Our second objective was to determine whether the change in the MSR response was dependent on fluctuations in serum concentrations of estradiol and progesterone. Our analysis did not show any association between the hormonal milieu and the MSR but did demonstrate a significant decrement in the RF MSR response during the periovulatory phase. Although we hypothesized that the MSR response would drop during the periovulatory phase, we thought this change would be dependent on the peak levels of serum estradiol around the time of ovulation. However, we did not demonstrate a correlation between estradiol concentration and change in the MSR response. One potential explanation for the lack of a correlation is the fact that we were not as accurate as we aimed to be in testing all of the nonusers during the targeted menstrual cycle phase. We planned our testing schedule based on the average menstrual cycle duration per subject in the 3–4 months before testing. Because we did not use ovulation kits or any other objective measure to determine the length of the follicular and luteal phases or timing of ovulation, the only time point we can be certain of is the follicular phase because these data were collected within 2 d of the onset of menses. The classic definition of the menstrual cycle includes a duration of 28 d and ovulation on day 14 (15). However, several studies, including one by Fehring et al. (12), have demonstrated a high degree of variability within and across women. In his study of 140 women (1060 menstrual cycles), the mean menstrual cycle length was 28.9 d (95% confidence interval = 22–36 d), and only 25% of participants had peak estrogen concentrations and ovulation occur between days 10 and 17. Our data are consistent with this high-degree of intersubject variability as our subjects had peak estradiol and progesterone concentrations during the time we predicted would be the periovulatory phase. When we reviewed each subject’s hormonal data, we found that 5 of the 12 nonusers fit the targeted phases, but 2 subjects had higher than expected levels of progesterone in the periovulatory phase and 1 subject had her peak estradiol in the luteal phase. It is likely that the periovulatory testing was actually early luteal (rising progesterone and estrogen; Fig. 1) and the luteal phase was late luteal (elevated progesterone and decreasing estradiol). In addition to missing our target menstrual phases in some subjects, the lack of correlation between serum hormonal concentrations and the change in the MSR response may also be because this output is governed by more factors than absolute estradiol and progesterone concentrations at the time of testing. Potential such factors include a modulatory role for other hormones, including relaxin (29), insulin-like growth factor 1 (34), and testosterone (26). In addition, if the mechanism for the change in the MSR response is similar to change in AKL demonstrated by Shultz et al. (33), there may be a 3- to 5-d lag time effect of serum concentrations of estradiol, progesterone, and testosterone that are responsible for some or all of the change we saw in the MSR response. Finally, because the MSR response behaved similarly across the menstrual cycle in both the users and the nonusers, it is unlikely that the absolute concentrations of estradiol and progesterone are solely responsible for the attenuated response in the periovulatory phase. It is likely that a more refined protocol of daily testing and inclusion of additional hormones would enable us to definitely determine the role of hormonal fluctuations in the MSR response across the menstrual cycle.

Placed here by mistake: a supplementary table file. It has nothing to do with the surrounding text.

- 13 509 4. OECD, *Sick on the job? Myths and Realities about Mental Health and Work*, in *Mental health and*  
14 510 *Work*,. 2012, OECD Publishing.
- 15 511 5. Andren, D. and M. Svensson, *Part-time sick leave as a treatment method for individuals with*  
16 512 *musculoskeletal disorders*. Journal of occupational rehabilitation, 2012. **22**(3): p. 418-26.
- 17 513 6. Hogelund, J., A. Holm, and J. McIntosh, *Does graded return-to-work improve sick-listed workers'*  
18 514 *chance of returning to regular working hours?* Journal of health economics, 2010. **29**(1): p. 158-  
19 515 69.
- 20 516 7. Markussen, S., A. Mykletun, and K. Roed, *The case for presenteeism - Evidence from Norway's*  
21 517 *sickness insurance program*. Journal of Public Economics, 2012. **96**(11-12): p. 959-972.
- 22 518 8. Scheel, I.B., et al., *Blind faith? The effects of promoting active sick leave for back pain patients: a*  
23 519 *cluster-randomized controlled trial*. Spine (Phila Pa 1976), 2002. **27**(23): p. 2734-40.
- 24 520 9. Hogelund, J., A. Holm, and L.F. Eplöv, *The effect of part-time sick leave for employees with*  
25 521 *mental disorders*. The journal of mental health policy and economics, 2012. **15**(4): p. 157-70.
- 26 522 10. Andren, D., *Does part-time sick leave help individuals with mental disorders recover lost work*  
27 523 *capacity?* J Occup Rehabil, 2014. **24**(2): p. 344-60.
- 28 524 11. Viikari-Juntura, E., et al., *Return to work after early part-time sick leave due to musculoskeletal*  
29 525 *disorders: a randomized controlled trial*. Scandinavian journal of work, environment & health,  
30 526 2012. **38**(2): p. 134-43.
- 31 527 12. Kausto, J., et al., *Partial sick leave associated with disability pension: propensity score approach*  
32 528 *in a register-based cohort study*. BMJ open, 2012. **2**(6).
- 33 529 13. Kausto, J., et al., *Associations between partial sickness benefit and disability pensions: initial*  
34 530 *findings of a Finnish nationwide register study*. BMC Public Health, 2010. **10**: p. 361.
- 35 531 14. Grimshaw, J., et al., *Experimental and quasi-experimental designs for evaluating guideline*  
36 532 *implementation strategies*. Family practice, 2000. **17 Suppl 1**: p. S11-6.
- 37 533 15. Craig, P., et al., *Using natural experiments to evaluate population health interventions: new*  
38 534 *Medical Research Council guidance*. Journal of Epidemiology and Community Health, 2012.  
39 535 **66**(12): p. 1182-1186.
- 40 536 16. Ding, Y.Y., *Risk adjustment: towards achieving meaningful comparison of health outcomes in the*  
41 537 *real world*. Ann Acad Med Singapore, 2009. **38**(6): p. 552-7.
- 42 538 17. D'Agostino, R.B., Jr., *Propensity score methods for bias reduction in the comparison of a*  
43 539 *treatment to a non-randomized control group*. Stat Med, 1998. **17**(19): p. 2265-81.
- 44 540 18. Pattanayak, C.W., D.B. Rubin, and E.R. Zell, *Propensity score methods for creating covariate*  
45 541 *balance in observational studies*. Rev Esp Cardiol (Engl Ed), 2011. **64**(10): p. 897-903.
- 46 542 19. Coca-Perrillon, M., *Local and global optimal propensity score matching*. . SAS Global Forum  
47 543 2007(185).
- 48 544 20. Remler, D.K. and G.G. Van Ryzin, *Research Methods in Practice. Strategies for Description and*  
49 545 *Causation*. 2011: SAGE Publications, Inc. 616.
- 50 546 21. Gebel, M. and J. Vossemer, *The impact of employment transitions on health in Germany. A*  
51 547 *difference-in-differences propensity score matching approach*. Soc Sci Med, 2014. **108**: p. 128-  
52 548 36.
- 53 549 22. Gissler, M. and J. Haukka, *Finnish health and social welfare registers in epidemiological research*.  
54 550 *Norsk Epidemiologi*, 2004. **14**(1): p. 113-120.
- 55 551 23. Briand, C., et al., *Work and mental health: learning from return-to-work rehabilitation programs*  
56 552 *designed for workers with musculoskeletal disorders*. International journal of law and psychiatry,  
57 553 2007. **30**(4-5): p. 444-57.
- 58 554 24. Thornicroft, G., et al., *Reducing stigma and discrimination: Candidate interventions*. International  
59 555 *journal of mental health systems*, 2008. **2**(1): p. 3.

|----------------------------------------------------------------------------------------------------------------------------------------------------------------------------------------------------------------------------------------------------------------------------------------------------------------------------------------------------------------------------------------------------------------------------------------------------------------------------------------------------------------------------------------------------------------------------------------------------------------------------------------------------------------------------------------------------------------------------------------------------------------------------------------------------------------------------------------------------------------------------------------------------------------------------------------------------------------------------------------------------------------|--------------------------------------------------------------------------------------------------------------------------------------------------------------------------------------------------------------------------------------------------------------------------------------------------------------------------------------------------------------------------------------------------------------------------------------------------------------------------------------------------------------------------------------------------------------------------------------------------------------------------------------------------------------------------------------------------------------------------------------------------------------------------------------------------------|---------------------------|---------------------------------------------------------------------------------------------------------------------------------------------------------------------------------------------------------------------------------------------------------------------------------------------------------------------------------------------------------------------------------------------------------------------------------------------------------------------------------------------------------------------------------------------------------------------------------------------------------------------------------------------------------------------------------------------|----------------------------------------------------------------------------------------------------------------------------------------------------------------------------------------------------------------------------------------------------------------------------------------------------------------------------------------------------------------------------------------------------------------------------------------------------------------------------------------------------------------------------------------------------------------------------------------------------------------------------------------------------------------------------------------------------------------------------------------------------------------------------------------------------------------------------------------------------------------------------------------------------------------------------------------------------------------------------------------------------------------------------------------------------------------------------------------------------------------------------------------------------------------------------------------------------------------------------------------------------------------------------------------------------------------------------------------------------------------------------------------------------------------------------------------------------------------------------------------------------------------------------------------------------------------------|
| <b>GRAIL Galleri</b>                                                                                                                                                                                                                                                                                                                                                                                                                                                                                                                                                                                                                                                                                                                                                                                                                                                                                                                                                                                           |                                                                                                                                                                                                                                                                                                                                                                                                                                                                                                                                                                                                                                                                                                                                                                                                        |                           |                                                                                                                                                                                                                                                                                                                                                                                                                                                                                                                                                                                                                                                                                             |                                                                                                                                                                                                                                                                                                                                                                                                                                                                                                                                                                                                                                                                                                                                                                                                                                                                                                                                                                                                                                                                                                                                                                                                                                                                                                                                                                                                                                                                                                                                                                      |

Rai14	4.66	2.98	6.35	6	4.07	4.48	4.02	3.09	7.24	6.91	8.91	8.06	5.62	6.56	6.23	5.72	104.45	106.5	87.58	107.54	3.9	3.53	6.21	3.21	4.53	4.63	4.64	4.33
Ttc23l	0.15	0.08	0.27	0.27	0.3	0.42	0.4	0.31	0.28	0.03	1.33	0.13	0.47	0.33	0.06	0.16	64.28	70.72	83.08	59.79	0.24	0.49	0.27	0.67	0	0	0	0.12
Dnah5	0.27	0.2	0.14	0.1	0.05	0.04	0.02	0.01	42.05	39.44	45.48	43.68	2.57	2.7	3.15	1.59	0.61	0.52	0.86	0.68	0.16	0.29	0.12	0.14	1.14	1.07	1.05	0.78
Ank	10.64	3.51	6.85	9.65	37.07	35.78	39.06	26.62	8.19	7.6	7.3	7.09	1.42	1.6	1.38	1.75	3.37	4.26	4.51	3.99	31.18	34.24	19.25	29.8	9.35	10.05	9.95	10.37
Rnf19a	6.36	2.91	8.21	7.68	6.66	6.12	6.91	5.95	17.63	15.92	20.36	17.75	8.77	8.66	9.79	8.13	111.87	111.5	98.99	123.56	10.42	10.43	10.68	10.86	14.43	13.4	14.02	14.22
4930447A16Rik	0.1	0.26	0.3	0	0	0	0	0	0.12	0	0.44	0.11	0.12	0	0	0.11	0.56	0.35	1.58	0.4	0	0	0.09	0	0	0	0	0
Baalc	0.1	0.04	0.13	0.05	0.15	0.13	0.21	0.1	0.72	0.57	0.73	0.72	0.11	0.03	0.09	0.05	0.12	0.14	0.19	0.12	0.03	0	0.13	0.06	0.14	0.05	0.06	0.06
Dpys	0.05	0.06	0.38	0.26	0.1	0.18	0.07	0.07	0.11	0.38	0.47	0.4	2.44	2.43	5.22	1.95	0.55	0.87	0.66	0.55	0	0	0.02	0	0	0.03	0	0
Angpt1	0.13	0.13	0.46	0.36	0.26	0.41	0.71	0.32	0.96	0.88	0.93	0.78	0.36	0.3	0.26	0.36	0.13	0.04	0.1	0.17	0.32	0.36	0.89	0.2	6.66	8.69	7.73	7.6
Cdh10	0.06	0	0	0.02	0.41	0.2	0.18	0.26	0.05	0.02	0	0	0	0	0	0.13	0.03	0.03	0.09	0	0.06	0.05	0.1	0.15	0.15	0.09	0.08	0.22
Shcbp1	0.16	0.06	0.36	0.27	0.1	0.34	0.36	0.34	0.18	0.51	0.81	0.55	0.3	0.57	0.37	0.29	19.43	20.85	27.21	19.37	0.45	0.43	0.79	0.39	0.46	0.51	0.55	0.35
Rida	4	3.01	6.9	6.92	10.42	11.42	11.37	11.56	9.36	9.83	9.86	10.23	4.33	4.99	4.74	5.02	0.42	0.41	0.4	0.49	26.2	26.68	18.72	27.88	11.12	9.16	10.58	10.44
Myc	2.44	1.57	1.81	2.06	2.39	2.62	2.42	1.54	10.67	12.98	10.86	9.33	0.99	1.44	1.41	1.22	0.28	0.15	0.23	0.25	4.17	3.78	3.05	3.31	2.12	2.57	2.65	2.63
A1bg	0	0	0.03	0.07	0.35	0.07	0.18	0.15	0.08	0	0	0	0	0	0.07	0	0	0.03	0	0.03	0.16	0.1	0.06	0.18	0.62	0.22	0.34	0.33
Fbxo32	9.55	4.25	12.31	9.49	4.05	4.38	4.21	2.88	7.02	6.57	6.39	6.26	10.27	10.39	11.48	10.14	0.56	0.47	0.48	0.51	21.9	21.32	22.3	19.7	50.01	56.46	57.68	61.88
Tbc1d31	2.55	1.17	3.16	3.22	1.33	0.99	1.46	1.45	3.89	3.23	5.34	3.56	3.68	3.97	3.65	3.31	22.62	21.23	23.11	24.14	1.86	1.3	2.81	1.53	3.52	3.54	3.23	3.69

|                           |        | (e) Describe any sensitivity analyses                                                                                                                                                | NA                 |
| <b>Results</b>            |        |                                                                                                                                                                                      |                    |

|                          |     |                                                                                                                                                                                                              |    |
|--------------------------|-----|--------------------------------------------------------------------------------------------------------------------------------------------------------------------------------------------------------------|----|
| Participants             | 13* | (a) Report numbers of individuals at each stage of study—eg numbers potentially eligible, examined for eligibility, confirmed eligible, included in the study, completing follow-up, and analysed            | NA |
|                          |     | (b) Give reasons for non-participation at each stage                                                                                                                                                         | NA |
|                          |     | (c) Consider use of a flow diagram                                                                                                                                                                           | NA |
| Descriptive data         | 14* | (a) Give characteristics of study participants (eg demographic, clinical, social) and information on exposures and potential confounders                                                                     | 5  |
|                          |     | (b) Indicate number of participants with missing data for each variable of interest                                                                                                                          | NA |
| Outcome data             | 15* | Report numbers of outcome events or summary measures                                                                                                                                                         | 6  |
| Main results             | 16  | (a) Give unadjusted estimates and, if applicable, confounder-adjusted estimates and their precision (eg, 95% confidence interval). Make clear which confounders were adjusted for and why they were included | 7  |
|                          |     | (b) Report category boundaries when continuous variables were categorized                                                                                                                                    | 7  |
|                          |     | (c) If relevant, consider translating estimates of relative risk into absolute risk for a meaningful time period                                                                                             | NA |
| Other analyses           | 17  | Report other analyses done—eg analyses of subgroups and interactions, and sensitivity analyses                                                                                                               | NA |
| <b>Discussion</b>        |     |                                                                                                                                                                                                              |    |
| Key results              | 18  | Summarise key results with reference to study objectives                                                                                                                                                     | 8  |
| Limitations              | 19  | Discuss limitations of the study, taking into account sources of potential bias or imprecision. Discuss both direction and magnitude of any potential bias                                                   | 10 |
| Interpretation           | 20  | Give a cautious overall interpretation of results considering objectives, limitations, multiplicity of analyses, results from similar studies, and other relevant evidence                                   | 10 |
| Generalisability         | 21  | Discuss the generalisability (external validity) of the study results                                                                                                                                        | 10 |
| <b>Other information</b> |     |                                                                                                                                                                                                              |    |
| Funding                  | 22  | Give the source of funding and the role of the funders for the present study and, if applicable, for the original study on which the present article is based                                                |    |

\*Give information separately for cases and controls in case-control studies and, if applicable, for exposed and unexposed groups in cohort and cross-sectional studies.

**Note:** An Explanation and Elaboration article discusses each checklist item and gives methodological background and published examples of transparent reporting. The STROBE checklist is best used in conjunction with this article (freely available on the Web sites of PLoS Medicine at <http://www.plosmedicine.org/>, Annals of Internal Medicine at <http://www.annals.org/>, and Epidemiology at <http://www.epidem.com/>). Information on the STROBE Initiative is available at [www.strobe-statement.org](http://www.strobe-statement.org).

We were also interested in whether the change in the MSR response would be accompanied by a covariant change in AKL. Because estrogen and progesterone appear to alter the stiffness of collagen fibers and AKL, and muscle spindle sensitivity can be modulated by the stiffness of the surrounding collagen fibers, it is plausible that hormonal fluctuations throughout the menstrual cycle may indirectly modulate the MSR through mechanoreceptor sensitivity. If this were the case, one would expect increased AKL and decreased MSR response during the periovulatory or luteal phase of the menstrual cycle. Although we did see this trend in the periovulatory phase, the change in AKL was not statistically significant. Our AKL results are consistent with some studies (10,39) but contradict others (7,33). However, it is important to note that we did not power our study to look at AKL as our primary outcome, and the P value approaching significance (P = 0.169) suggests that a larger sample size may have demonstrated significantly increased AKL during the periovulatory phase. In addition, we did not find any significant correlation between the RF MSR response and AKL, either through Spearman correlation or our mixed-effects model. It is possible that there is truly no relationship between these variables, but other potential reasons for not finding a correlation include inadequate power for this calculation or that the variables are governed by different factors.